The R-House is grounded in its site--the landscape was formed from earth excavated for the house's foundation. A berm planted with a native grass encloses the backyard, and a paved terrace allows space for a kitchen garden. In winter months, a slight depression in the backyard can be flooded and frozen for skating. And since many lots in Syracuse's Near Westside neighborhood (where the prototype will be located) are similarly sized, this site configuration can be deployed easily throughout the area.
Developed by the design team as a simple folded surface, the form of the R-House can be seen as a (literal) twist on the traditional gabled roof: The architects set the gable askew and tucked small front and back porches beneath it. Energy-efficient features are integrated into the house's design. Ample windows with triple-pane, double-low-E glazing on the south face optimize solar gain, while external shading and an operable skylight aid passive cooling. Heating demand is met entirely by warming the required fresh air supply. The house's compact form enhances its energy performance, which meets Germany's stringent Passivhaus standard.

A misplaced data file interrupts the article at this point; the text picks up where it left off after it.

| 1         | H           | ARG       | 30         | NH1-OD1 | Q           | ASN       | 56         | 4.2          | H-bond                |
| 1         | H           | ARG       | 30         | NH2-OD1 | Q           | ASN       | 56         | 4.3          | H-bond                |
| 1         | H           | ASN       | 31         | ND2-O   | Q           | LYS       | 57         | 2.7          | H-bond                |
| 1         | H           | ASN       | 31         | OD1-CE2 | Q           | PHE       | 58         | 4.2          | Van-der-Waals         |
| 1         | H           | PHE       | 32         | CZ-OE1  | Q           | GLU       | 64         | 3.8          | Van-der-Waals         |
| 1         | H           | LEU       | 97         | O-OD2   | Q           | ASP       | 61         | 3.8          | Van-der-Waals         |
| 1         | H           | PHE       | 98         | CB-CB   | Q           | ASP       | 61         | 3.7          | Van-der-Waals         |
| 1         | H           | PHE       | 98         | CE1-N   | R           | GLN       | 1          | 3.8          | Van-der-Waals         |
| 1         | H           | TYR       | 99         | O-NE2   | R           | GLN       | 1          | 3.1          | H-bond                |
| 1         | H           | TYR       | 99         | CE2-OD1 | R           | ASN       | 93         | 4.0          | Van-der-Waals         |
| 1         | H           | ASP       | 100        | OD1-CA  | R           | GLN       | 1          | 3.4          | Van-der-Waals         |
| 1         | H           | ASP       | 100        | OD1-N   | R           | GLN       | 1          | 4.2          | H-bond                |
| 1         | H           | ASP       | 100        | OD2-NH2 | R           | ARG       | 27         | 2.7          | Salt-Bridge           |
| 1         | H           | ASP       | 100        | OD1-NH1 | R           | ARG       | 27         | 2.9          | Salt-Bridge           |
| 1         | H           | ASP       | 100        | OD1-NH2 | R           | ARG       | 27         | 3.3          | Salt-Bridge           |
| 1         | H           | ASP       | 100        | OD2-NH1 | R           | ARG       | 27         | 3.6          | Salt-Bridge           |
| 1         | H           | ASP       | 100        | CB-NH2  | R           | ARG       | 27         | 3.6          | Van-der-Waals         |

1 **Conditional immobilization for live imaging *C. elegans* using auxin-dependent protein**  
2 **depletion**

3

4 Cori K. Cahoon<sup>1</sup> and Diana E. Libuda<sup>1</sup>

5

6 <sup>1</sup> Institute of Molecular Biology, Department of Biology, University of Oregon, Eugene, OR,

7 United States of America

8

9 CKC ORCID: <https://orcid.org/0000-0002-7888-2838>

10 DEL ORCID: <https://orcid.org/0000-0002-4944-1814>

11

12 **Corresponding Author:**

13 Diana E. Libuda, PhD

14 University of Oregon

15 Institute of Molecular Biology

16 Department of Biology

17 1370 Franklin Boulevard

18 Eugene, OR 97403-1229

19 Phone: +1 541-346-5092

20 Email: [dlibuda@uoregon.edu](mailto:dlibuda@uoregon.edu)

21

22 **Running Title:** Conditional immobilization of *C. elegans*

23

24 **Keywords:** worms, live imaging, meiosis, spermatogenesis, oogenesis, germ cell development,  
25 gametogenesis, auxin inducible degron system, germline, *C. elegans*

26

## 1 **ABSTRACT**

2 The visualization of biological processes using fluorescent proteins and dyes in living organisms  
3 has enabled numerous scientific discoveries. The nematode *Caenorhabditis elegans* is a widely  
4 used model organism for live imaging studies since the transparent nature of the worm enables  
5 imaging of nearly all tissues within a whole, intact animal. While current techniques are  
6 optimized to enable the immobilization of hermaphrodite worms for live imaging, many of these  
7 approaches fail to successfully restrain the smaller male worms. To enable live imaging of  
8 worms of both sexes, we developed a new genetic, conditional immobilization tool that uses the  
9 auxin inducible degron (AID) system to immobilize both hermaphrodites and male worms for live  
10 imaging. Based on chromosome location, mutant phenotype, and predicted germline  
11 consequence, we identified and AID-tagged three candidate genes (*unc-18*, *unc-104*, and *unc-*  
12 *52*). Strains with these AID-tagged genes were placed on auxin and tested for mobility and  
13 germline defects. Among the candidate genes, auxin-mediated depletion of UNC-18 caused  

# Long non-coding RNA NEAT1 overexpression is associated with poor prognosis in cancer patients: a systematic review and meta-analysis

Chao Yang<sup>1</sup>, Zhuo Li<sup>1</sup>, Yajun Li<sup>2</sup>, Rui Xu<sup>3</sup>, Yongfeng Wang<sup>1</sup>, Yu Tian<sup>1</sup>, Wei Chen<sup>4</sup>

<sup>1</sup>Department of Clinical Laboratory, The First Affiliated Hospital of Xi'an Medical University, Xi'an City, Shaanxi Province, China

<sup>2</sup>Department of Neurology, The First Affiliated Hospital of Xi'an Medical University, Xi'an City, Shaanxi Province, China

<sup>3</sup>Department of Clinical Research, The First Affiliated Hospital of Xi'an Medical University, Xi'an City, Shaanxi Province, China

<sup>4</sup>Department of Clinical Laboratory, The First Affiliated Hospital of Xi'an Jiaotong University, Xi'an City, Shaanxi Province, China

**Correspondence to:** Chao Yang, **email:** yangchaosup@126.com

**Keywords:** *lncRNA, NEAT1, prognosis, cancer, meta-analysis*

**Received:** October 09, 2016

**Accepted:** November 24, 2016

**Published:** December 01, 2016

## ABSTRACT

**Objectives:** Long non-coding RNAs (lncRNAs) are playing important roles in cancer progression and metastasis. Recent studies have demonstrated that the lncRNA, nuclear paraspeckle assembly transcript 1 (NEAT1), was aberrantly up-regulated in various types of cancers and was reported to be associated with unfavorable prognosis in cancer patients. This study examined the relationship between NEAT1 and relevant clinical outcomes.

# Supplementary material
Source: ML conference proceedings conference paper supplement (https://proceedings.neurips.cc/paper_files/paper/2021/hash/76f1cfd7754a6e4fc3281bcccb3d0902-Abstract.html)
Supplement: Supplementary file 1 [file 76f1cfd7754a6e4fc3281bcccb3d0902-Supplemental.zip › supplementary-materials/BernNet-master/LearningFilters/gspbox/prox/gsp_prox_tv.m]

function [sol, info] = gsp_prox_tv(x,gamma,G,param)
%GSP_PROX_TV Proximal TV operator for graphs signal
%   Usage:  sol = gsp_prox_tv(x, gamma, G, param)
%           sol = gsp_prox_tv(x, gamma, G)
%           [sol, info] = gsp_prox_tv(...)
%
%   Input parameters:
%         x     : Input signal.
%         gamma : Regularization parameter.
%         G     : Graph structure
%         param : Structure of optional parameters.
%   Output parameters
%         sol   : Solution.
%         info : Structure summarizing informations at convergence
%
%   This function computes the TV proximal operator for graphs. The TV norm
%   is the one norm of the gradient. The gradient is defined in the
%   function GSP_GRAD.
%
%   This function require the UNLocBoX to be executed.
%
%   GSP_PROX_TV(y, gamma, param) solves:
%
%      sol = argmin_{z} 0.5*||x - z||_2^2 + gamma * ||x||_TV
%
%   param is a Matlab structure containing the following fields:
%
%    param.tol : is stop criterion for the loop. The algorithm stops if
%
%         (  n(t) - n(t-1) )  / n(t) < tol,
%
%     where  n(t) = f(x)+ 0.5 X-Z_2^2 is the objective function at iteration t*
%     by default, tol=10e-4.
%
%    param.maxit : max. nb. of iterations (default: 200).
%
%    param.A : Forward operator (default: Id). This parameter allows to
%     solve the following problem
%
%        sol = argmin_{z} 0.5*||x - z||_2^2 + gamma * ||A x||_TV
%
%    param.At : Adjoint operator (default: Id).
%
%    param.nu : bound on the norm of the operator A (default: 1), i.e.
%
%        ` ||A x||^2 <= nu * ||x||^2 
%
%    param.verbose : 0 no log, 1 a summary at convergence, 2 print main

The house's base floor plan (second from right) can be adapted in multiple ways. An owner can live on the first floor and rent out the upstairs (far left); turn the first-floor office into a child's bedroom (second from left); add a fourth bedroom, on the second floor (middle); or use the office to accommodate extended family (right).